With a greater push for representation in film and television, we’ve seen a slow but steady rise in both trans and non-binary characters - and trans and non-binary actors - on our screens. Their representation on television has been swifter, yet important change has been happening in cinemas, from Sean Baker’s ‘Tangerine’ (2015) to the award-winning Aussie drama ’52 Tuesdays’ (2013). And now, following from the international success of his film ‘Gloria’ (2013), Chilean director Sebastián Lelio brings us ‘A Fantastic Woman’ ('Una Mujer Fantástica'), a portrait of grief and resilience that is as magical as it is moving.
When her older lover Orlando (Francisco Reyes) dies suddenly, young trans woman Marina (Daniela Vega) must not only navigate her grief and loss, but also the bigotry and ignorance of Orlando’s family, including his ex-wife Sonia (Aline Küppenheim) and son Bruno (Nicolás Saavedra). Determined to be recognised both as a part of Orlando’s family and as a woman, Marina fights to assert herself and earn the basic rights of mourning and remembrance she deserves.
Lelio proved to have a masterful touch with female protagonists in ‘Gloria’, but here he takes his astute observations and attention to detail and applies them to a far more ambitious and stirring narrative, one that extends farther than the story of a grieving woman and into the larger context of a society in the process of shifting its understanding of gender and sexuality. There’s an insatiable drive to this film, mirroring its protagonist’s determination for understanding and justice. For the film itself, Marina’s status as a trans woman is a given, so that even when the other characters react against it, you’re always seeing this from Marina’s perspective. This isn’t about a trans woman coming to grips with her understanding of herself and her gender, but of her carving a life for herself within a modern world not built to accomodate for her socially or legally, and her powerful determination to shift that. Inevitably, a film like a ‘A Fantastic Woman’ will function as a political statement by virtue of its subject manner, but it never does so explicitly, focused instead (much like ‘Gloria’) as a character study, causing us to fall in love with Marina and thus making it a much more politically powerful film that it would have been if it were overt. What makes Marina special is Marina herself, not as any kind of "other" but as a human being with a heart that is broken and a soul trying to mend.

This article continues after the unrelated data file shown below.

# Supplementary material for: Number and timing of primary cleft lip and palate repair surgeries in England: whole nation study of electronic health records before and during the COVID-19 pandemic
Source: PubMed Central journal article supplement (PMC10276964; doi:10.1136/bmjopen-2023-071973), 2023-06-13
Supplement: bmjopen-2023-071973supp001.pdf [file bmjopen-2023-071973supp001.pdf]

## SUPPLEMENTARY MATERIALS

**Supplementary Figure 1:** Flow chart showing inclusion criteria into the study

'A FANTASTIC WOMAN' TRAILER
The material and stakes of the film may be serious, but Lelio’s approach always threatens to lapse into the magical, with crisp, clear direction that maximises its greatest asset - Marina herself. Set against the backdrop of the Chilean capital of Santiago, ‘A Fantastic Woman’ takes this intimate story and places it against an enormous, modern backdrop, Muriel Parra’s gorgeous costume design allowing the bursts of colour and glamour of Marina to stand in stark contrast to the glass and concrete. Lelio’s approach to Marina’s story is almost fairytale-like, the intense human drama played out with almost Almodovarian flashes of theatricality. These moments are small, sometimes barely perceptible, but capture the sense of this woman moving against a never-ending tide, a wind determined to stop her in her path. Benjamín Echazarreta’s cinematography is rich and colourful, each shot perfectly composed and bursting with detail, complemented beautifully by Matthew Herbert’s often opulent score. In many ways, Lelio has taken many of the traditional tropes we associate with queer cinema (the likes we see from Almodovar and recent films like Robin Campillo’s ‘BPM’) and weaves them into something distinctly his own, where intimate drama can be complemented by subtle hints at the deeper, richer and heartfelt inner world of the protagonist. Most importantly, nothing about the film ever frames Marina as a victim. It is called, after all, ‘A Fantastic Woman’, and as much as we are watching this woman in a state of grief and distress, it never ceases to celebrate her beauty and her spirit.